Record Crowds Expected to Hit the Air and Roads for Thanksgiving – Boston News, Weather, Sports
DALLAS (AP) — Despite inflation and memories of travel collapses of past holidays, millions of people are expected to arrive at airports and highways in record numbers over the Thanksgiving holiday.
The busiest flying days are Tuesday and Wednesday as well as the Sunday after Thanksgiving. The Transportation Security Administration expects to screen 2.6 million passengers on Tuesday and 2.7 million passengers on Wednesday. Sunday will attract the largest crowds with an estimated 2.9 million passengers, which will narrowly exceed the record set on June 30.
Meanwhile, AAA expects 55.4 million Americans will travel at least 50 miles from home between next Wednesday and the Sunday after Thanksgiving, with roads likely to be their busiest on Wednesday.
The weather may disrupt air and road traffic. A storm system is expected to move from the southern Plains to the northeast on Tuesday and Wednesday, bringing severe thunderstorms, gusty winds and the possibility of snow.
U.S. Transportation Secretary Pete Buttigieg said during a news conference Monday that the government tried to better prepare for holiday travel over the past year by hiring more air traffic controllers, opening new air routes along the East Coast and providing grants to airports for snow and ice removal. equipment. But he warned travelers to check road conditions and flight schedules before leaving home.
“Mother Nature, of course, is the X factor in all of this,” he said.
The good news for travelers by plane and car alike: prices are coming down.
Airfare prices average $268 per ticket, down 14% from last year, according to travel website Hopper.
Gasoline prices are down about 45 cents per gallon compared to this time last year. The national average was $3.30 per gallon on Monday, according to AAA, down from $3.67 a year ago.
A survey of GasBuddy users found that despite lower pump prices, the number of people planning to take a long drive this Thanksgiving hasn’t changed much from last year. Patrick de Haan, an analyst at the price tracking service, said inflation has eased but some things such as food are still more expensive. Consumers also charge more on credit cards and save less.
“Sure, they like lower gas prices, but many Americans have spent in other ways this summer and may not be ready to open their wallets for Thanksgiving travel just yet,” De Haan said.
Thanksgiving marks the start of the holiday travel season, and many still have not recovered from last December’s pre-Christmas nightmare, when severe winter storms grounded thousands of flights and left millions of passengers stranded.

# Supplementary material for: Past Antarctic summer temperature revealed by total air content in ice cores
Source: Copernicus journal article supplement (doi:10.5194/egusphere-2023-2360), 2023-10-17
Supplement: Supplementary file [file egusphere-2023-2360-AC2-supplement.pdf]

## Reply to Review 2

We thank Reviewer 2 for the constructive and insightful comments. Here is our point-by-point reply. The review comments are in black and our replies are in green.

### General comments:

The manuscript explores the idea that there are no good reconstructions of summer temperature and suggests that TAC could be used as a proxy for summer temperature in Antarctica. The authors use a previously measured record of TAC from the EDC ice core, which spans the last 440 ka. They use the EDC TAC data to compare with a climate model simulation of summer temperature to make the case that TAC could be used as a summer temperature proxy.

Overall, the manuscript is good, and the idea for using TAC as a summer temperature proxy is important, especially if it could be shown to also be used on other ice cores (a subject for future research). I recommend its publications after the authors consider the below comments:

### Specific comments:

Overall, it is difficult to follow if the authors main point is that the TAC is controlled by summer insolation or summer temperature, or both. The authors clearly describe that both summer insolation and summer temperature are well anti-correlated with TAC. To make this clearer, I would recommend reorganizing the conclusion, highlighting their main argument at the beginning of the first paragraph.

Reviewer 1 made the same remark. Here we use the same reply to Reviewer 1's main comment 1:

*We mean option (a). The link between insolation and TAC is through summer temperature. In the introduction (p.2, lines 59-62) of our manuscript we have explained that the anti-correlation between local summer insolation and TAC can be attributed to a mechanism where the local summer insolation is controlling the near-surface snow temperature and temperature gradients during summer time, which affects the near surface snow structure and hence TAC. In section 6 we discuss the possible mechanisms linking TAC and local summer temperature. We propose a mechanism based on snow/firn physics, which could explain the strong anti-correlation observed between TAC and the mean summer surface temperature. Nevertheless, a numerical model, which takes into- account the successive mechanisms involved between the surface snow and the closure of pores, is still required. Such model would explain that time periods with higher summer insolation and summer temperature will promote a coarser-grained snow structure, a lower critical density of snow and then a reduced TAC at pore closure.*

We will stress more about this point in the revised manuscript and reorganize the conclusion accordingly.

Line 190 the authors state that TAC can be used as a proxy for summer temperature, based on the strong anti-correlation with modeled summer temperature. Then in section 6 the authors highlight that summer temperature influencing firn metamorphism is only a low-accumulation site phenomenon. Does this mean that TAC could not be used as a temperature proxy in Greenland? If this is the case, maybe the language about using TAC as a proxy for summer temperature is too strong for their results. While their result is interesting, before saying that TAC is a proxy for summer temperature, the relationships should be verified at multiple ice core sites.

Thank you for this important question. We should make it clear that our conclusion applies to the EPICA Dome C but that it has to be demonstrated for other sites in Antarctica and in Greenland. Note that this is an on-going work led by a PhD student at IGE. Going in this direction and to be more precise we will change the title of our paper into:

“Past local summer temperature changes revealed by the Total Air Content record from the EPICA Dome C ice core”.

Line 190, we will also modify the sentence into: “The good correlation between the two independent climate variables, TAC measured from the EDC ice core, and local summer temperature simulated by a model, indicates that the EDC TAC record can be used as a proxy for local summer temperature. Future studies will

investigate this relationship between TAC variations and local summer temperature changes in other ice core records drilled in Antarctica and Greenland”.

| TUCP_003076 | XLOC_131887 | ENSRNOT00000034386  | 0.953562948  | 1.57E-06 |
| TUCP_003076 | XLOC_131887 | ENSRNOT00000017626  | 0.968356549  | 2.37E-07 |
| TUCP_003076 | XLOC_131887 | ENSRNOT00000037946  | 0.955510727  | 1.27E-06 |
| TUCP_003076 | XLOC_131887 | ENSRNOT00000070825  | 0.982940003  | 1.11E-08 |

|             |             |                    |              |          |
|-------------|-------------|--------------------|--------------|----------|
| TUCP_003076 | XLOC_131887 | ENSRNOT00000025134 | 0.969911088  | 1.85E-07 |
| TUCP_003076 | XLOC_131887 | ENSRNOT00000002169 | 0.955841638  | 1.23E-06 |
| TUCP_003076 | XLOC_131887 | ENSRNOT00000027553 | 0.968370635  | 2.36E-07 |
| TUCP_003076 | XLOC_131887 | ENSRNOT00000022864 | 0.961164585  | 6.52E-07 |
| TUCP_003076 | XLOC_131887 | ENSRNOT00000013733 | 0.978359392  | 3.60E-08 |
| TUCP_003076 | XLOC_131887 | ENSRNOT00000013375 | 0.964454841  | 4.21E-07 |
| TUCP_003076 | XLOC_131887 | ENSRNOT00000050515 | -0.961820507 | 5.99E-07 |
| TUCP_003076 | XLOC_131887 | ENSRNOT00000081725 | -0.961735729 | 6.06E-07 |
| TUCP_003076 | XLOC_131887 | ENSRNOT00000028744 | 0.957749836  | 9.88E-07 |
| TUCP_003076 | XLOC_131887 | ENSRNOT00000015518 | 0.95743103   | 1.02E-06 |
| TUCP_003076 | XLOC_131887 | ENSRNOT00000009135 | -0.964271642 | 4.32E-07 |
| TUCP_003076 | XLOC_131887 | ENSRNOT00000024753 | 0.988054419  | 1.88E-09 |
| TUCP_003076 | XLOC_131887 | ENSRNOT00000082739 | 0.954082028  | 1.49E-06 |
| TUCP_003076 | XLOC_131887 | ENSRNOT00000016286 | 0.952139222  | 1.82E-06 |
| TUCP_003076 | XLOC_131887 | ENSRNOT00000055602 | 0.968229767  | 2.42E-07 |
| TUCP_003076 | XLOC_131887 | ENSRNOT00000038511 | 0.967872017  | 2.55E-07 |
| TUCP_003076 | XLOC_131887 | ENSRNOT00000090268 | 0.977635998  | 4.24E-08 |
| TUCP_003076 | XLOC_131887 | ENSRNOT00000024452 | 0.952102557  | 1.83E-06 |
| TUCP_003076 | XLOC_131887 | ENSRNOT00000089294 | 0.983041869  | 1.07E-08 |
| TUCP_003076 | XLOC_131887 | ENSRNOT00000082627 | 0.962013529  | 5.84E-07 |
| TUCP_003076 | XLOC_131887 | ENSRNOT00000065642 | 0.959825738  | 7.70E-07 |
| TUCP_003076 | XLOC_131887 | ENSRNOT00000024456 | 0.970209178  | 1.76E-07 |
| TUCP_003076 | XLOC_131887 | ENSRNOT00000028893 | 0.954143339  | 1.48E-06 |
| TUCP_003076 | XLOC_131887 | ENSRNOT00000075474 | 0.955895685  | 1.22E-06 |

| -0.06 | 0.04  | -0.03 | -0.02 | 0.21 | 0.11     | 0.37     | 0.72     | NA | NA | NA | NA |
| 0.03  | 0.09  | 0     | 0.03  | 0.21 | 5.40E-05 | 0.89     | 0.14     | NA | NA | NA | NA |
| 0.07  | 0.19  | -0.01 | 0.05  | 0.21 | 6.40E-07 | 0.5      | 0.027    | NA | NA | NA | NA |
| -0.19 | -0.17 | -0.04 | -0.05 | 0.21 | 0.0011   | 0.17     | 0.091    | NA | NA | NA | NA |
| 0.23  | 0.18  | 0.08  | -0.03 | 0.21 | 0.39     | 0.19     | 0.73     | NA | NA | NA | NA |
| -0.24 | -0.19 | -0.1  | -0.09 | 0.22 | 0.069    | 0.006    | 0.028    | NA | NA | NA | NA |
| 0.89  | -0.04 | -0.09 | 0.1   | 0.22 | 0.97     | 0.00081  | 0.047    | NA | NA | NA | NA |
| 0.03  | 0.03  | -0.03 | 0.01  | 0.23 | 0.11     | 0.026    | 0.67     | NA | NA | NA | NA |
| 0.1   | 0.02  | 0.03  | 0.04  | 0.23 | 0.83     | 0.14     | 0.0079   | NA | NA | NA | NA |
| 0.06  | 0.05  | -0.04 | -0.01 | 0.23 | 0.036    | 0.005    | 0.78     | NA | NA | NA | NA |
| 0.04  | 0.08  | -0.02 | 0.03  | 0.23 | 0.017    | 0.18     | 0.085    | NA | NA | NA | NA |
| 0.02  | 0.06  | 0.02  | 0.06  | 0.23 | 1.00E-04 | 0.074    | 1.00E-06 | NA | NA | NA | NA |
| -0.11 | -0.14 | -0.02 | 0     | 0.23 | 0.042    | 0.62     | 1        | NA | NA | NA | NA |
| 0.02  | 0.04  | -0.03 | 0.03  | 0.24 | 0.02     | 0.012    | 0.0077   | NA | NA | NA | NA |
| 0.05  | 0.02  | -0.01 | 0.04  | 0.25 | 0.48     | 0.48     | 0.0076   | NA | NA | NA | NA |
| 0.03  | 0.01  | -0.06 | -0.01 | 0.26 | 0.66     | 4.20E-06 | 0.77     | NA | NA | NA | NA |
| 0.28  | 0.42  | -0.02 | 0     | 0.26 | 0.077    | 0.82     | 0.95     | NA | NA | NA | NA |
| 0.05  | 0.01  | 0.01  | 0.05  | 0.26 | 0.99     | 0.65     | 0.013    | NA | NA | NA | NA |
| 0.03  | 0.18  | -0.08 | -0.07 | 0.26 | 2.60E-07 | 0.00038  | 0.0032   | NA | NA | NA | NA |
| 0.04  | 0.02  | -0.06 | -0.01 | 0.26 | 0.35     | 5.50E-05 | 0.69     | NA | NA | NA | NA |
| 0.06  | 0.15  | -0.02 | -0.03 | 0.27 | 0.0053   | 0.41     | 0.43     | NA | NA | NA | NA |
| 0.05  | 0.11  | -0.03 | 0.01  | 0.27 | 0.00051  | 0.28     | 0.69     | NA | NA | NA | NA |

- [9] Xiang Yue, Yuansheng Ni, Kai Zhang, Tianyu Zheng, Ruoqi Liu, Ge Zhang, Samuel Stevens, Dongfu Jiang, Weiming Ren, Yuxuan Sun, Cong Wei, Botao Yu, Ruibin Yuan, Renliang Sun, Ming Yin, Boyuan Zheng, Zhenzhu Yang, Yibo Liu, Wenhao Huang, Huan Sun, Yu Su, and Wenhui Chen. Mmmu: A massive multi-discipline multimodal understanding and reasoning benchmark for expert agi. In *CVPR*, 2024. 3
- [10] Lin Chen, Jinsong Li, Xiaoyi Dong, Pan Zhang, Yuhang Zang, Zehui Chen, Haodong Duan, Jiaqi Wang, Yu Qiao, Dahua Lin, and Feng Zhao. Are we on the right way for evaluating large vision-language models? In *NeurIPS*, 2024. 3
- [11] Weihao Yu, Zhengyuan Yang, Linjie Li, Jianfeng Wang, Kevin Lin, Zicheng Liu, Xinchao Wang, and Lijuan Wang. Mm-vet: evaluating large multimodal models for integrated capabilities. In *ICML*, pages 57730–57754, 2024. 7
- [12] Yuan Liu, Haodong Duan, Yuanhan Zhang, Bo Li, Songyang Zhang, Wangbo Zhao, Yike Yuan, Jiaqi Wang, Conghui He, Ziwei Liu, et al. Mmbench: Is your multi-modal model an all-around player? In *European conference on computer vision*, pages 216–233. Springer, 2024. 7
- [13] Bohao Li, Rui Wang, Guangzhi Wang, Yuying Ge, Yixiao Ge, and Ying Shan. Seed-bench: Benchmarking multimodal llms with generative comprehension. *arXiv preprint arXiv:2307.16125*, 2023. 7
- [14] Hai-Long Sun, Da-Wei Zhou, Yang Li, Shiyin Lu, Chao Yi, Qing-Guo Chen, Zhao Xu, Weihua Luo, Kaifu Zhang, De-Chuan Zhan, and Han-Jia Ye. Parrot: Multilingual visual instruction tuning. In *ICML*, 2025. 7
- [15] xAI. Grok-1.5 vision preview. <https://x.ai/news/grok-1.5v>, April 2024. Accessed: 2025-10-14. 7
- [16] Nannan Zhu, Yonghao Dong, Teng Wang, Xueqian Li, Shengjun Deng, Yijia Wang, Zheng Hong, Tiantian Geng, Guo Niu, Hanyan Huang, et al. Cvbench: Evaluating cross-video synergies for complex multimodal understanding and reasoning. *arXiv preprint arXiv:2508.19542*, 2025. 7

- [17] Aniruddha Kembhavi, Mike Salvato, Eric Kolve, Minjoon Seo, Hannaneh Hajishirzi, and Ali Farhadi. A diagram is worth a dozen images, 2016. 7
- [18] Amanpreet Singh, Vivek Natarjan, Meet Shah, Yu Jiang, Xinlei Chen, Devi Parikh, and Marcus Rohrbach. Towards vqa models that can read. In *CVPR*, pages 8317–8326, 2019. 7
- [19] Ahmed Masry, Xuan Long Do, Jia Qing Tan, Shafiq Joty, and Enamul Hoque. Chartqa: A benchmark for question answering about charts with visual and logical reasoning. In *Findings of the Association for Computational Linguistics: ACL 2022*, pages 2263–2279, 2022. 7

Scott Keyes, founder of the travel site Going, is cautiously optimistic that holiday air travel won’t be quite as chaotic. So far this year, airlines have avoided widespread disruptions, he said.
“Everyone realizes that airlines cannot control Mother Nature, and that it is unsafe to take off or land in the middle of a thunderstorm or snowstorm,” Keyes said. “What really upsets people are the controllable cancellations — those widespread disruptions because the airline couldn’t get its act together because its system melted down the way Southwest did over Christmas.”
In fact, Southwest has not recovered as quickly as other airlines from last year’s storm when its planes, pilots and flight attendants were trapped off-site and its crew rescheduling system crashed. The airline canceled nearly 17,000 flights before overhauling the process. Federal regulators recently told Southwest it could be fined for failing to help stranded travelers.
Officials at Southwest say they have since purchased snow removal trucks and additional heating equipment and will add staff at cold-weather airports depending on the forecast. The company said it has also updated its crew scheduling technology.
US airlines as a whole have been better about stranded passengers. During October, it canceled 38% fewer flights than in the same period in 2022. From June through August – when thunderstorms can disrupt air traffic – the cancellation rate was down 18% compared to 2022.
Even so, consumer complaints about airline service have risen, according to the U.S. Department of Transportation. The agency says there are so many complaints that it did not collect numbers until May.
In contrast, airlines blame the Federal Aviation Administration, which they say cannot keep up with the growing air traffic. In fact, the Department of Transportation’s inspector general reported this summer that the FAA had made only “limited efforts” to fix the shortage of air traffic controllers, especially at major facilities in New York, Miami and Jacksonville, Florida.
Meanwhile, employment levels in other parts of the airline industry have largely recovered since the outbreak of the pandemic. After laying off tens of thousands of workers early on, airlines have been on a hiring spree since late 2020. Passenger airlines have added more than 140,000 workers — an increase of nearly 40% — according to government figures updated last week. The number of people working in this business is the largest since 2001, when there were many airlines.
Airlines are using their expanded workforces to operate more flights. Southwest is the most aggressive among the major airlines, planning to offer 13% more seats over Thanksgiving than it did during a similar five-day period last year, according to travel data provider Cirium. United and Delta are growing by 8% each. The US economy will grow by a more modest 5%, but will still retain the largest number of seats.